d-Fenfluramine-evoked prolactin release was significantly reduced in the patients tested after long-term clozapine treatment (F=4.33, df=5,90, p=0.001) and after short-term clozapine treatment (F=3.07, df=5,45, p<0.02) compared to the patients tested before treatment began. The reductions in d-fenfluramine-evoked prolactin release after short- and long-term treatment were not significantly different (F=0.43, df=5,90, p=0.83).
The mean change in prolactin value of 34 mU/liter (SD=55) after long-term clozapine treatment was significantly less than the mean of 230 mU/liter (SD=165) before clozapine treatment (t=3.4, df=18, p=0.003). The mean change in prolactin value after long-term clozapine treatment did not differ significantly, however, from the mean of 86 mU/liter (SD=108) after short-term treatment (t=1.3, df=18, p=0.21).
Positive and negative symptoms were fewer after short- and long-term clozapine treatment than in patients tested before treatment. The mean SAPS ratings of 22.4 (SD=14.8) after long-term clozapine treatment and 25.7 (SD=18.4) after short-term treatment were significantly lower than the mean rating of 50.9 (SD=32.3) of the patients before treatment (t=2.4, df=18, p<0.03, and t=4.4, df=9, p=0.002, respectively). The mean SANS scores of 32.0 (SD=19.4) after long-term clozapine treatment and 36.0 (SD=7.7) after short-term treatment were significantly lower than the mean score of 49.2 (SD=12.6) of the patients before treatment (t=2.4, df=18, p=0.03, and t=3.6, df=9, p=0.004, respectively).
There was a significant positive correlation between d-fenfluramine-evoked change in prolactin values and the hallucination subscore on the SAPS (r=0.51, N=20, p=0.02), the delusion subscore on the SAPS (r=0.68, N=20, p=0.001), and the overall SAPS score (r=0.50, N=20, p=0.02). There was no significant positive correlation between change in prolactin values and negative symptoms measured by the SANS (r=0.08, N=20, p=0.74).
This study, using a highly specific serotonergic neuro~endocrine probe, demonstrated that prolonged clozapine treatment is associated with a blunted prolactin response to d-fenfluramine. The fact that clozapine treatment had no significant effect on baseline prolactin values suggests that this differential prolactin response reflects clozapine's potent affinity at serotonergic receptors, most likely 5-HT2a and 5-HT2c (2). Although the study did not include a placebo challenge in comparison with d-fenfluramine, the consistency of prolactin responses in all 20 patients tested while receiving clozapine and the differences in prolactin release between patients before and after clozapine therapy support the value of d-fenfluramine in assessing the 5-HT activity of clozapine.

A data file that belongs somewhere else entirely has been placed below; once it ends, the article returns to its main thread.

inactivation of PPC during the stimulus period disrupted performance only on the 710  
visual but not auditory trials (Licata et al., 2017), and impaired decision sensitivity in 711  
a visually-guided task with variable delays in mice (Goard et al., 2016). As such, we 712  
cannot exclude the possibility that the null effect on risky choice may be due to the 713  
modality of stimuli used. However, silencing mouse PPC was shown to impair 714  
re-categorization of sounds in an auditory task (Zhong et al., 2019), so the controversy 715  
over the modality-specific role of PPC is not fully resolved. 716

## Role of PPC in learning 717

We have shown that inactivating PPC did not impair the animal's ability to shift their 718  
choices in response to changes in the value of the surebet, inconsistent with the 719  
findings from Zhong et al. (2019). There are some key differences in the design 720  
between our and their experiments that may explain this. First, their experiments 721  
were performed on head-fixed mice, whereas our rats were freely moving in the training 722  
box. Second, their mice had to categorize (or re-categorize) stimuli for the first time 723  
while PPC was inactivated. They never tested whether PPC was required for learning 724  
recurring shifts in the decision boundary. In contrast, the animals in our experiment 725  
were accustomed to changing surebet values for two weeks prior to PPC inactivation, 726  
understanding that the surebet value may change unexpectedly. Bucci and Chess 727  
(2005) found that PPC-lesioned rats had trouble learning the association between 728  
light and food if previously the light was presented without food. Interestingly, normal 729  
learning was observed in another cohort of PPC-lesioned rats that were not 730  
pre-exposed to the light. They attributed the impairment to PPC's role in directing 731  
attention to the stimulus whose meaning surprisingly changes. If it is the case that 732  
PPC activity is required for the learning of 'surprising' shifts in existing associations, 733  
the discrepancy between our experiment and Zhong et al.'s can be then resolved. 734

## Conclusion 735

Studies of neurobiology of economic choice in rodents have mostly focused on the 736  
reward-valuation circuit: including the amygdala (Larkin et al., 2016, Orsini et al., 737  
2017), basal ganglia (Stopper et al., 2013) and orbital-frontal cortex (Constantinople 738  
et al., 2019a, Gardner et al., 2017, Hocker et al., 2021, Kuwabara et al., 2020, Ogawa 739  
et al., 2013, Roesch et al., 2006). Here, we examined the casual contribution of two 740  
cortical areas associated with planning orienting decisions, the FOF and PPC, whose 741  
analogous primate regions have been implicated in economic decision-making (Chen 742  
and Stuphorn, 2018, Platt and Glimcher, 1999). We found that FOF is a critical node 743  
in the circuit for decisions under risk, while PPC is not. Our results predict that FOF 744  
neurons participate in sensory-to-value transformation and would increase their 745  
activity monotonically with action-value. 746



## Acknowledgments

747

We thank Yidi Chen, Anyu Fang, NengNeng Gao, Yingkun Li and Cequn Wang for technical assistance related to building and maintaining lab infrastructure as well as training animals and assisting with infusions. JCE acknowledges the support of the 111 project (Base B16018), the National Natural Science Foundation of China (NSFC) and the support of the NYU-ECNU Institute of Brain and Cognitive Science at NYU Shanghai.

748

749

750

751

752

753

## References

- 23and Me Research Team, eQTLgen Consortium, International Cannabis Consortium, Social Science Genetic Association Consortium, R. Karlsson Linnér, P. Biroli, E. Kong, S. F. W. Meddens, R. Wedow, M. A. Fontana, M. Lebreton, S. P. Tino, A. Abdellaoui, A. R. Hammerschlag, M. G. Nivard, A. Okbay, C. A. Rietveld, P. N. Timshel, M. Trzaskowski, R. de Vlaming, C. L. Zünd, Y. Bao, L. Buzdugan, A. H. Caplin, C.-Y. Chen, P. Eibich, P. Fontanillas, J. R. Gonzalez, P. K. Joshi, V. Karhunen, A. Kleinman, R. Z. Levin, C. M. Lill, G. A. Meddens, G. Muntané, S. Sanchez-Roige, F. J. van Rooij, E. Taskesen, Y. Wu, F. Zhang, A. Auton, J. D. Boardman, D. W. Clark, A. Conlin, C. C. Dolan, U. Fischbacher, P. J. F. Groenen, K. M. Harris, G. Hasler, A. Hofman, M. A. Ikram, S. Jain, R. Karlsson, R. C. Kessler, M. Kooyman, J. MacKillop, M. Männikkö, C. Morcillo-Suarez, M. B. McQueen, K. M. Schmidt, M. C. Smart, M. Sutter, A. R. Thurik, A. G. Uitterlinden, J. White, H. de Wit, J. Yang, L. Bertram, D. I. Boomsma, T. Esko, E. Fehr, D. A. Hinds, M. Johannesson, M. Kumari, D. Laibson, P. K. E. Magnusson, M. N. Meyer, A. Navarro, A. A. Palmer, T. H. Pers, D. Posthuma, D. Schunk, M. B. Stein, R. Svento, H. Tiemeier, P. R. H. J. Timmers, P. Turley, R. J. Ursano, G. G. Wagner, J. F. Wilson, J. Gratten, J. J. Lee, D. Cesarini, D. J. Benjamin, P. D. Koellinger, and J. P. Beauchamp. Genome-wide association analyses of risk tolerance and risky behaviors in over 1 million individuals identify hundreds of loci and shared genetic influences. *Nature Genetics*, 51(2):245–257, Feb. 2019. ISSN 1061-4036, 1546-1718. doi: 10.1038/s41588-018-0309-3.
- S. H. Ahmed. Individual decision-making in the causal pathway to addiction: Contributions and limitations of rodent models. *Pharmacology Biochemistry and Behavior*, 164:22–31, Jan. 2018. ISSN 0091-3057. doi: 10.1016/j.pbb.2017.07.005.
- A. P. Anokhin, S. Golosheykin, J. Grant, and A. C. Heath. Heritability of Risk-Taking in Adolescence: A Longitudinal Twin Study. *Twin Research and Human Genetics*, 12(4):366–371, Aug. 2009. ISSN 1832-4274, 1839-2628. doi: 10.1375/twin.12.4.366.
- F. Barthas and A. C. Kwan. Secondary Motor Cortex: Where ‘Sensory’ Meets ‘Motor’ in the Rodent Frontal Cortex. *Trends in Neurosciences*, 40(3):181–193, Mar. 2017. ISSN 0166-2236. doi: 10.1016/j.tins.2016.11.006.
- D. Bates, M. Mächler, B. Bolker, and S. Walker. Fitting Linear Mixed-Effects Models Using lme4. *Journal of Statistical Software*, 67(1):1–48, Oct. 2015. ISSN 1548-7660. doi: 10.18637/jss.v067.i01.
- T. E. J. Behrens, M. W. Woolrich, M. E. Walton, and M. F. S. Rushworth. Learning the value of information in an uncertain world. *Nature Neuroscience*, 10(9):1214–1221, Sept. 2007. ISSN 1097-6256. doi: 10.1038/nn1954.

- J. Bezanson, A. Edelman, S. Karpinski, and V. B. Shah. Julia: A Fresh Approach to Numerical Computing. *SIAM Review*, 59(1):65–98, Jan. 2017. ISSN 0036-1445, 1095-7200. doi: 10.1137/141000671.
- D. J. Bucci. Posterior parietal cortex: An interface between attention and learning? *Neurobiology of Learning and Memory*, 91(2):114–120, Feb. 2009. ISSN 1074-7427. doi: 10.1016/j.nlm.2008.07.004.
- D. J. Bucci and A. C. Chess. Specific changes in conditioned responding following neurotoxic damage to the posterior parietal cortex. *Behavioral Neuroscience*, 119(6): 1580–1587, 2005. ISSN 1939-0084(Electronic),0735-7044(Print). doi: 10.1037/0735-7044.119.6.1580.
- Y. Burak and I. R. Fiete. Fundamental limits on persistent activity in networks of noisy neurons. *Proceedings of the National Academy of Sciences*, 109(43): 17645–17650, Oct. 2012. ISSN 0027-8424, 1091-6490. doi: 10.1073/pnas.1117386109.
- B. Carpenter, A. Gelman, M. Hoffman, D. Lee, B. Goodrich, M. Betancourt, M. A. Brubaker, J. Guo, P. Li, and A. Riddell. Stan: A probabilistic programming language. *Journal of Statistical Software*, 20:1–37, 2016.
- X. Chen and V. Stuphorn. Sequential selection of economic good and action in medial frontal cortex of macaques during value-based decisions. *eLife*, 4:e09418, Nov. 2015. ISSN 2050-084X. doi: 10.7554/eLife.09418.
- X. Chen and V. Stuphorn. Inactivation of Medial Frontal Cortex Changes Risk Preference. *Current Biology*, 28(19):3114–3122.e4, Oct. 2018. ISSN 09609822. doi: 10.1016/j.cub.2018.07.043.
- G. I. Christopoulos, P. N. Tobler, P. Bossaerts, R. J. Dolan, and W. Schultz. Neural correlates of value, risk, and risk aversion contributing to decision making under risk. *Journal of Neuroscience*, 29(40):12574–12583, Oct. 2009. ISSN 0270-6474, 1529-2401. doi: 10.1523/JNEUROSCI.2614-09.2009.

To our knowledge, this is the first neuroendocrine study to demonstrate an association between altered d-fenfluramine-evoked prolactin release and specific positive schizophrenic symptoms, namely, hallucinations and delusions. The patients with lower ratings for these symptoms, measured by the SAPS subscores, were more likely to have a blunted prolactin response to d-fenfluramine. We propose that serotonergic antagonism contributes to clozapine's efficacy against positive symptoms, in accordance with recent theories about the pathophysiology of schizophrenic symptoms (12).
There is continued uncertainty about the time course of clinical improvement seen with clozapine treatment; some authors claim that treatment for up to 1 year may be needed to fully assess the likelihood of response (13). This study demonstrates that reductions in 5-HT-mediated neuroendocrine responses persist with longer-term treatment. However, no significant differences in altered 5-HT-mediated neuroendocrine responses were demonstrated between short and prolonged clozapine therapy.
Blunting of d-fenfluramine-evoked prolactin release is unlikely to be an epiphenomenon of clozapine treatment, unrelated to its antipsychotic activity. Its persis~tence after prolonged clozapine therapy and the correlation with specific positive schizophrenic symptoms are evidence for the importance of 5-HT antagonism to clozapine's unique antipsychotic activity.
Received July 7, 1997; revision received Dec. 8, 1997; accepted Dec. 16, 1997. From the Division of Psychiatry, Homerton Hospital, London; the Institute of Psychiatry, London; and the Department of Psychiatry, Royal College of Surgeons in Ireland. Address reprint requests to Dr. Lucey, Department of Psychiatry, Royal College of Surgeons in Ireland, James Connolly Memorial Hospital, Dublin 15, Ireland.
Mean Prolactin Response to the Serotonin-Releasing Agent d -Fenfluramine in Two Groups of 10 Schizophrenic Patients Who Received Clozapine Treatment